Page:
After being refreshed and rejuvenated among the olive trees yesterday, I was ready to lose myself in the belly of the old city again. Arriving early, I was pleased to walk the streets before the vendors set up shop and the bustle of the day began.
After the weekend, the city was quieter overall and having become oriented to the streets and movements of the city, I felt more at home. Some of the vendors even remembered me. If I ventured in the wrong direction, I would recognize a street I could take to get myself back. Knowing the basics of getting around was no small feat and had come with clocking about 16 hours of walking during my first two days in the old city.
I decided to spend the bulk of my day in the Jewish Quarter visiting museums and archeological ruins are centered around the time of Jesus –
The Second Temple and city came into its full glory roughly 30 years before Jesus’ birth and was utterly destroyed 35 or so years after his death, so remembering the Jerusalem of this time has been central for the Jewish people. As Jesus, Mary Magdalene, the disciples and all their families were Jewish, I felt drawn to further understand the context and culture they lived in, the Jerusalem they knew, loved and visited throughout their lives. (to read more, click read more below)
I also enjoyed seeing the glass cases full of everyday objects found within these ruins. Jugs, bowls, combs, incense burners, pestle and mortar, spindle needles…When I was younger I would pass by these type of cases, having no interest in the ordinary and zeroing in on the extraordinary. Today, though, in wanting to have a view into their lives, these ordinary objects offered echoes and clues of objects Jesus’ contemporaries would have touched and used as part of daily life.
All Jews, if at all possible, made the pilgrimage to Jerusalem three times a year on select holy days, like Passover. It was very expensive for the average citizen to make the journey. It could take nearly a year’s wages to have the proper amount of money to purchase the sacrificial animal, and pay the tithe to the temple priest before ascending the Temple Mount.
Once atop, there was a great courtyard that spanned 1,600 feet. To one side were towering white columns with gold leaving and a vaulted gold ceiling. The temple itself lay at one end of the courtyard. Only Jewish people could enter the courtyard and only Jewish men could enter the temple grounds and only the high priest could enter the Holy of Holies. The Holy of Holies housed the Ark of the Covenant which contained the Ten Commandments that were given to Moses. It was understood that God himself lived in the Holy of Holies.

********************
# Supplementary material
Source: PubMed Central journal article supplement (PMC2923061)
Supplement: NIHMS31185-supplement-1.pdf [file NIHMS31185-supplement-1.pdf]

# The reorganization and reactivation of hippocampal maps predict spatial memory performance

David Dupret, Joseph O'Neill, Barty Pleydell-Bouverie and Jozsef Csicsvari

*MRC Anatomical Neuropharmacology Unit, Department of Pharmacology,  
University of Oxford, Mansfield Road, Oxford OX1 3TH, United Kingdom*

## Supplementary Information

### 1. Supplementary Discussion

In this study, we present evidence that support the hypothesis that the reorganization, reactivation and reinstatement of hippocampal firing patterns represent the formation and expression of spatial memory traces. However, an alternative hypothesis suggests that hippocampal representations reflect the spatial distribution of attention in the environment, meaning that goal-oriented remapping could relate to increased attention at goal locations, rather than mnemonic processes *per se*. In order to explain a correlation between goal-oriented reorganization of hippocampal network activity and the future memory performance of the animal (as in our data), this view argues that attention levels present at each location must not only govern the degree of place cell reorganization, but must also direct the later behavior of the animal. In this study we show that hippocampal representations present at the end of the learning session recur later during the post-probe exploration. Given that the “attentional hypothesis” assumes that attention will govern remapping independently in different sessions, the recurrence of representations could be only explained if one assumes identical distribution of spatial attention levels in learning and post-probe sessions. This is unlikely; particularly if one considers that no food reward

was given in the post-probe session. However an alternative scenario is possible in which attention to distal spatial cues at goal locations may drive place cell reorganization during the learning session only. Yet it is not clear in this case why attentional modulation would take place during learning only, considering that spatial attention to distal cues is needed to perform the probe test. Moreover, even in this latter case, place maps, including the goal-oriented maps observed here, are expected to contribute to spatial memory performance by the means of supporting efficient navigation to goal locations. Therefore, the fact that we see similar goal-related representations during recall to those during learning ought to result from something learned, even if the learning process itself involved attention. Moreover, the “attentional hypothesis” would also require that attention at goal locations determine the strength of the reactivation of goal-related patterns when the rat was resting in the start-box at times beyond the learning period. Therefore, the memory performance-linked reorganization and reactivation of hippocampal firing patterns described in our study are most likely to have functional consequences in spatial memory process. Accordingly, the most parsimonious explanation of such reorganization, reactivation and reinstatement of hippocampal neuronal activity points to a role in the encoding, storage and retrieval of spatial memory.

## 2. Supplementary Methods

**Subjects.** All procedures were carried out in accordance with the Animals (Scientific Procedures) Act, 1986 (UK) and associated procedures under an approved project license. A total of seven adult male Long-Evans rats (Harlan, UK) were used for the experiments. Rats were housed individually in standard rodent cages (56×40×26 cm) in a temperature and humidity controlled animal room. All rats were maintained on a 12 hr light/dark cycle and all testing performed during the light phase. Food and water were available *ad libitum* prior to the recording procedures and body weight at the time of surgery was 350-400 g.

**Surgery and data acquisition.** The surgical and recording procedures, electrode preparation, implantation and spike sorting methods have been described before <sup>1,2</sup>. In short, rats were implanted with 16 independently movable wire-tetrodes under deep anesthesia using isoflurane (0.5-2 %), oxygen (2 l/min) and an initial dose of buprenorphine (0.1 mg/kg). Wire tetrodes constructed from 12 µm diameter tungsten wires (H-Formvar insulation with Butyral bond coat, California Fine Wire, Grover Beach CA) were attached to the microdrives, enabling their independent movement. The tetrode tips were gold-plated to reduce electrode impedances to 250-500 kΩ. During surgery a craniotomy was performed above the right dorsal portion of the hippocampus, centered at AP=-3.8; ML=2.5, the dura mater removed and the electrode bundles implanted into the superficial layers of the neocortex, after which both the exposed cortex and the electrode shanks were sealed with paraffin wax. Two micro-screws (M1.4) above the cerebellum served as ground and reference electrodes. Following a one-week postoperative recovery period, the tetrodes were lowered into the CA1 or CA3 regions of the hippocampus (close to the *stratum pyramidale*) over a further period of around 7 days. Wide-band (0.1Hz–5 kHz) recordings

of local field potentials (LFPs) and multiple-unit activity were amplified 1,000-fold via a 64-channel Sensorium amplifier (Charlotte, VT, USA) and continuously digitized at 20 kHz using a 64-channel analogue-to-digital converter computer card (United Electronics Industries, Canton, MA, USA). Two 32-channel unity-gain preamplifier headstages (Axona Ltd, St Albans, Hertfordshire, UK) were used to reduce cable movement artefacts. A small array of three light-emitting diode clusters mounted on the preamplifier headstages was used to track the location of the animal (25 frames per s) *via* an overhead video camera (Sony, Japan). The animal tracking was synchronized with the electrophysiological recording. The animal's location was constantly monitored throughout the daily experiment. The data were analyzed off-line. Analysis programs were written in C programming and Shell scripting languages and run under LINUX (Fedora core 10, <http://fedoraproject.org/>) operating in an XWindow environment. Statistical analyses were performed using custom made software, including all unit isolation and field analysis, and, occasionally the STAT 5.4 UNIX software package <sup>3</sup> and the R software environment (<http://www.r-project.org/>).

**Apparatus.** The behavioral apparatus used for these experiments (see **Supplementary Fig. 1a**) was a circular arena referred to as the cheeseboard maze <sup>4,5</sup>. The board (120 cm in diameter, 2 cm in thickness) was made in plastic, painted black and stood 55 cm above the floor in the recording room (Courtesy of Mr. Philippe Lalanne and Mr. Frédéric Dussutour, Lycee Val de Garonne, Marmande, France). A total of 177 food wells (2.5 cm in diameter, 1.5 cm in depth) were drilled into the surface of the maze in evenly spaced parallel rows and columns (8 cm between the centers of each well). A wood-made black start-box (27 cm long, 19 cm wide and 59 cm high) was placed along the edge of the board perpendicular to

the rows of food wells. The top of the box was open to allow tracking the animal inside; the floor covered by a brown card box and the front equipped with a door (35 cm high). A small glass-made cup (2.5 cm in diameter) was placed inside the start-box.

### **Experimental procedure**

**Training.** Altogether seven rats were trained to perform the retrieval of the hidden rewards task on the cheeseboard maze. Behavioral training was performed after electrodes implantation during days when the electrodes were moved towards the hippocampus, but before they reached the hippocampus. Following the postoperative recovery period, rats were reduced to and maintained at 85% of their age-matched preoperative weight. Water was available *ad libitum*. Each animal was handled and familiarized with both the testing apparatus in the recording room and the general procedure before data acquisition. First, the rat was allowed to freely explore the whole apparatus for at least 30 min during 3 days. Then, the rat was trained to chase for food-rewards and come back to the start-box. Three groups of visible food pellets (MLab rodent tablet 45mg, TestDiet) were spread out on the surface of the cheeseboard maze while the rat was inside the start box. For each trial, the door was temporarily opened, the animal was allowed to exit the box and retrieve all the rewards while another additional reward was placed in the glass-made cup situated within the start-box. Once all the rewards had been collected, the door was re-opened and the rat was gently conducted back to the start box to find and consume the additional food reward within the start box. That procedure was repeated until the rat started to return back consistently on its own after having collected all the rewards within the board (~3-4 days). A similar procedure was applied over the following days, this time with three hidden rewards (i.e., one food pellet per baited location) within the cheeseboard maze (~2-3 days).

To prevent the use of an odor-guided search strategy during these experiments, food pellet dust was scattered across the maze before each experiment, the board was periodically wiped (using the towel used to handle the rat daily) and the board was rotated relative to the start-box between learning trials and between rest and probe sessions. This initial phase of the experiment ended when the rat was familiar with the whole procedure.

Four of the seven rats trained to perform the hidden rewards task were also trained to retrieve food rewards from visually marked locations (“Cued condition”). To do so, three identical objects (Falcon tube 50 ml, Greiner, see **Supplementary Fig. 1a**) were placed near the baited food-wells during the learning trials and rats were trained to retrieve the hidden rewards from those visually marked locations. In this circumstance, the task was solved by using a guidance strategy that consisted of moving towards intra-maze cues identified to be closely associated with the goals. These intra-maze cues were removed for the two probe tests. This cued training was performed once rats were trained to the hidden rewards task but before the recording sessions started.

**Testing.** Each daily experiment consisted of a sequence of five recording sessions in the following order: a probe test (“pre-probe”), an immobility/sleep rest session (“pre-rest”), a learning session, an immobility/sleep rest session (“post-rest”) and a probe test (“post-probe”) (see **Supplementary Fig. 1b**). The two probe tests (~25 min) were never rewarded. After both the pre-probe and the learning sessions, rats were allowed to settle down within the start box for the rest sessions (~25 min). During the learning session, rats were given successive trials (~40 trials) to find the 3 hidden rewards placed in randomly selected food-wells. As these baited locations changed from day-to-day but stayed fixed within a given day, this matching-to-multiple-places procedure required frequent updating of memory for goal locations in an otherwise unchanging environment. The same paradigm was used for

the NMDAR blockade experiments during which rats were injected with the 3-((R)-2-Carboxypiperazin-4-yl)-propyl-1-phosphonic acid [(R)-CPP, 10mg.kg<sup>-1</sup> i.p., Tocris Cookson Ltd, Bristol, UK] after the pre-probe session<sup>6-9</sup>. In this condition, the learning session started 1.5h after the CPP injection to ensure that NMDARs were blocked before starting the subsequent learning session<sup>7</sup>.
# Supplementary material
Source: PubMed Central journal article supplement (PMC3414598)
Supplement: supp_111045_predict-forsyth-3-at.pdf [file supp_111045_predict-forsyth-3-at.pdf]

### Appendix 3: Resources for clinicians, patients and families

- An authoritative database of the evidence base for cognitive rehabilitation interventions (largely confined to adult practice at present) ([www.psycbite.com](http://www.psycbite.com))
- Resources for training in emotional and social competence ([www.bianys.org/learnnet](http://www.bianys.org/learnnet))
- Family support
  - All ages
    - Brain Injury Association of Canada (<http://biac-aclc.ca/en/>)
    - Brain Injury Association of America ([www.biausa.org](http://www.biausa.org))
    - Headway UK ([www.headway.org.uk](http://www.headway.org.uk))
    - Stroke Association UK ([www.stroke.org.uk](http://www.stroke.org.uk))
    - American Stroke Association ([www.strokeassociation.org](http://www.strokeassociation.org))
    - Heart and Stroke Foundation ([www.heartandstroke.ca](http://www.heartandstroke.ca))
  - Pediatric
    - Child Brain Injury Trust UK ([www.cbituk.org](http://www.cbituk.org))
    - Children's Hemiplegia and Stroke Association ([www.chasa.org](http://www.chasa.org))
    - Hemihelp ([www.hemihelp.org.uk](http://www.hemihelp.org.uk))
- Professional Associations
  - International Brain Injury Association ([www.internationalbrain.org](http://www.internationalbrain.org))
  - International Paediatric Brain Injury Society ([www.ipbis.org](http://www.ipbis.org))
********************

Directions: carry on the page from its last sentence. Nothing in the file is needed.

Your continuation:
The temple and courtyard perched at the top of the Temple Mount was built one massive stone at a time under Herod the Great’s Rule. 10,000 men were employed to build the temple over several decades. It was completed in 30 BC. As I said, it spanned 1,600 feet and rose several hundred feet above the ground. One stone might be 45 feet long and the smallest stones weighed nearly 3 tons. They all were fitted seamlessly together and shone a brilliant white.
Today there is a grand mosque atop, called Temple of the Rock, that has a gold dome that dominates the city skyline. Built 1,200 years ago, an architectural and spiritual treasure, it is one of the holiest places for the Muslim people. The Western Wall, the only wall left standing of the original Temple Mount is where the Jewish people gather to remember and pray, feeling the Mount is rightfully theirs. They had built the Mount and had a temple a top for hundreds of years, on the sacred spot where Abraham nearly sacrificed his son to show obedience to God.